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Spector's ghost

Music | Record producer's recent crime haunts the anniversary reissue of his recordings

Issue: "Upside down," April 9, 2011

In what's either a most audacious oldies-marketing strategy or an instance of a music company's shooting itself in the foot, Sony's Legacy label has teamed with Phil Spector Records to reissue the vintage recordings of-who else?-Phil Spector, the legendary record producer currently doing time for the 2003 murder of Lana Clarkson.

On one level, such a campaign was inevitable. The monophonic Wall of Sound that Spector perfected was, after all, pop music's single most identifiable and influential audio phenomenon between the years that Elvis Presley entered the army and the Beatles launched the British Invasion, and 2011 marks the 50th anniversary of his first No. 1 hit, the Crystals' "He's a Rebel."

The campaign is also welcome. Although the 19 cuts on Wall of Sound: The Very Best of Phil Spector 1961-1966 and the 18 cuts on Be My Baby: The Very Best of the Ronettes offer little if anything new to owners of 1991's Back to Mono: 1958-1969 box set, the other two discs in Legacy's roll out-Da Doo Ron Ron: The Very Best of the Crystals, and The Sound of Love: The Very Best of Darlene Love-blow the sands of time off plenty of unjustly neglected girl-group treasures.

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But, on another level, the campaign is macabre, the musical equivalent, say, of ESPN's deciding to market an O.J. Simpson highlights reel on the 50th anniversary of the Juice's winning the Heisman in 2018.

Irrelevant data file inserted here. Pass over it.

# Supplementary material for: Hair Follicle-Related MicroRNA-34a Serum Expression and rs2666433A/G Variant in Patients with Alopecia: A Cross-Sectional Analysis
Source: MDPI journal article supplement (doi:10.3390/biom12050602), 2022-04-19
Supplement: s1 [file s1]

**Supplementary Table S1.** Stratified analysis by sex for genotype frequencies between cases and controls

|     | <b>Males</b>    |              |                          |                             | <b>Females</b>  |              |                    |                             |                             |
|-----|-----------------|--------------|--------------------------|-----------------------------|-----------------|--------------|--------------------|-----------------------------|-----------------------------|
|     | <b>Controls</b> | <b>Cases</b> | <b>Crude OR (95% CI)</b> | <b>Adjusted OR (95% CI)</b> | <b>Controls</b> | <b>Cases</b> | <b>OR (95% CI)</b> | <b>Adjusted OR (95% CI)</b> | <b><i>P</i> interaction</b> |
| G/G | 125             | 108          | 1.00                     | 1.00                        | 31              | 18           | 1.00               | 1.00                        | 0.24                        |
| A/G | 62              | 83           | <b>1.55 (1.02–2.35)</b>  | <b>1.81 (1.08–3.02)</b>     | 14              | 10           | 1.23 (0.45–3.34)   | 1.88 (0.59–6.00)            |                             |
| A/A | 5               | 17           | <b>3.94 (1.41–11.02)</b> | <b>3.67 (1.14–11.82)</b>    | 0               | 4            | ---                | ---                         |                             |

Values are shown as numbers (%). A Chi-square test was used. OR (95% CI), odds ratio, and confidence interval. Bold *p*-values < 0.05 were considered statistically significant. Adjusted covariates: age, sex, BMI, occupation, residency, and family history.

Granted, the situations are not identical. Unlike Simpson, Spector made his mark behind the scenes, more like a "coach," as it were. So it's possible, if not always easy, to enjoy his music without thinking about him. "You've Lost That Lovin' Feeling" and "River Deep, Mountain High" are as much celebrations of the Righteous Brothers and Ike and Tina Turner, respectively, as they are of Spector's hit-sensitive ears.

And, no matter what dark thoughts may have been forming in Spector's mind at the time (stories of his obsession with guns go way back), there's no denying that "Be My Baby," "(Today I Met) The Boy I'm Gonna Marry," and nearly everything else that Spector released remain songs of innocence beside which today's songs of experience (Katy Perry, Lady Gaga, et al.) sound depressingly meretricious.

Eventually, though, the Ghost of Spector Present comes a-haunting. If Legacy deserves credit for defying 21st-century over-sensitivity and including 1962's "He Hit Me (It Felt like a Kiss)" on the Crystals' best-of, it also deserves the reduced sales that may result from the queasiness induced by the song's inadvertent connotations.

Perhaps the most famous, and obvious, legatee of Spector's approach is the Beach Boys' Brian Wilson, whose lost masterpiece, Smile, is, 44 years after its initial due date, finally slated for release later this year. Until it comes out, however, tracers of Spector's influence can satisfy themselves with Dancing Backward in High Heels (429 Records), the latest album by the New York Dolls.

Unlike the other music the Dolls have released since David Johansen and Sylvain Sylvain reformed the group seven years ago, Dancing Backward downplays the trash-punk aesthetic for which the band became notorious in favor of what can only be called Johansen's street-tough singing and the absence of any female vocals, a '60s girl-group vibe. Only on their version of the 1962 Bluebelles/Starlets hit "I Sold My Heart to the Junkman" do the Dolls evoke the tradition overtly, but it's easy to imagine all the tracks being covered by the Crystals, Ronettes, or Darlene Love.

Well, all but the 25-second "Fabulous Rant," in which Johansen besmirches an otherwise delightful album with language that's fit for a junkman indeed.

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